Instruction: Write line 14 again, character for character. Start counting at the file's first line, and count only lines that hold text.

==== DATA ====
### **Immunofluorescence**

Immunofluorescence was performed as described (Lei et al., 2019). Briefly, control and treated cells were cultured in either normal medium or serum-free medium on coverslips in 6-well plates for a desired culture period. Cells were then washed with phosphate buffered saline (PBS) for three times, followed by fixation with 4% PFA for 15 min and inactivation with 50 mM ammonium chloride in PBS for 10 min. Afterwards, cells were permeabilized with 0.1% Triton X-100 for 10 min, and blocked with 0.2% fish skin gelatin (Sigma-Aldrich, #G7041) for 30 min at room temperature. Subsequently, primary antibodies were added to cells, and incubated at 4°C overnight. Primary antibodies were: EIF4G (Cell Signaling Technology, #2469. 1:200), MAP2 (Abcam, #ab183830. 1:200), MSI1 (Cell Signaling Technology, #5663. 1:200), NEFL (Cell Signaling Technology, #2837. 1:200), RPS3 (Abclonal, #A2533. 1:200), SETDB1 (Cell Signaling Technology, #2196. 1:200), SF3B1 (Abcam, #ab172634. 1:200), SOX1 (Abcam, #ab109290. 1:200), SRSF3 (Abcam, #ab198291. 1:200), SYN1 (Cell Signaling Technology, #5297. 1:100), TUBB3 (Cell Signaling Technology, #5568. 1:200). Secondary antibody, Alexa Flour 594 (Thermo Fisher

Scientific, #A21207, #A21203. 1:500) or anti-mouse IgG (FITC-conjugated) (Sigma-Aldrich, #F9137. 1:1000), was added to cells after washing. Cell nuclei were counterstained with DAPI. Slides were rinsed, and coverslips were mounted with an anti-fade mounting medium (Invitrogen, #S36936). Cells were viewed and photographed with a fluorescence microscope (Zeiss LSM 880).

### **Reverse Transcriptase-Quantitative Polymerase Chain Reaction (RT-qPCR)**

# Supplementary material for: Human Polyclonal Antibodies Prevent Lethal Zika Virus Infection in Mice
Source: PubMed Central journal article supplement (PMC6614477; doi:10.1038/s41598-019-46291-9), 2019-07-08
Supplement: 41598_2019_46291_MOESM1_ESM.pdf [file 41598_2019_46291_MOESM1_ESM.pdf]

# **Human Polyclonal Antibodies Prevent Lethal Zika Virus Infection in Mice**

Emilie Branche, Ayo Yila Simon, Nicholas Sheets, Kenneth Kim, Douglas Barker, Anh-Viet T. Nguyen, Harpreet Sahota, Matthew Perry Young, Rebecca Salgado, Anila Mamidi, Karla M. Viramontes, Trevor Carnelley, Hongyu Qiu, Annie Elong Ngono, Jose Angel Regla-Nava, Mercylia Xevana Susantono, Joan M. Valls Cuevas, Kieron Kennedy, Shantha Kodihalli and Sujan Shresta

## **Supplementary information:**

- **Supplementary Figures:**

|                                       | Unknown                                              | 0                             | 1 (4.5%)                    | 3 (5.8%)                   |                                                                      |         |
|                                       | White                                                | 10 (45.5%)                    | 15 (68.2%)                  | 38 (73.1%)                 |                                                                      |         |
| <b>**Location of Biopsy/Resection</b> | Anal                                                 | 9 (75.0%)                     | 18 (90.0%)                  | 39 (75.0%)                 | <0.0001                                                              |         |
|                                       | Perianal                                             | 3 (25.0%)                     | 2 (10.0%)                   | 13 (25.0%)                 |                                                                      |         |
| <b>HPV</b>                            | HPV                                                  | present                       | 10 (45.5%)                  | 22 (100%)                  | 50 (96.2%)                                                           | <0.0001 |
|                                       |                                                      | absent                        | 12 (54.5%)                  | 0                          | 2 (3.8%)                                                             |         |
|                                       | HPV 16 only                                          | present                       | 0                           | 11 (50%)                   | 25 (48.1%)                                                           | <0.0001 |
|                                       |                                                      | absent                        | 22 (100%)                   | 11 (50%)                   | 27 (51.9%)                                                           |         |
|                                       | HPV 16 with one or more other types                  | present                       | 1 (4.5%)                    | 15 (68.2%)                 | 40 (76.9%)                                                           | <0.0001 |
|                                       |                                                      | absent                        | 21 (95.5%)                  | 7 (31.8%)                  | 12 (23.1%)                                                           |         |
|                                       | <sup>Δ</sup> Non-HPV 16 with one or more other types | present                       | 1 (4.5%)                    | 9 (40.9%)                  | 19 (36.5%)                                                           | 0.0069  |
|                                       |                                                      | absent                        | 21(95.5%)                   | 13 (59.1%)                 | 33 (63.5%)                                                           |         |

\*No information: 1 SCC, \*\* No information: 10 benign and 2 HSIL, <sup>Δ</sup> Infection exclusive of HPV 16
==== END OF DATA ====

| <b>**Location of Biopsy/Resection</b> | Anal                                                 | 9 (75.0%)                     | 18 (90.0%)                  | 39 (75.0%)                 | <0.0001                                                              |         |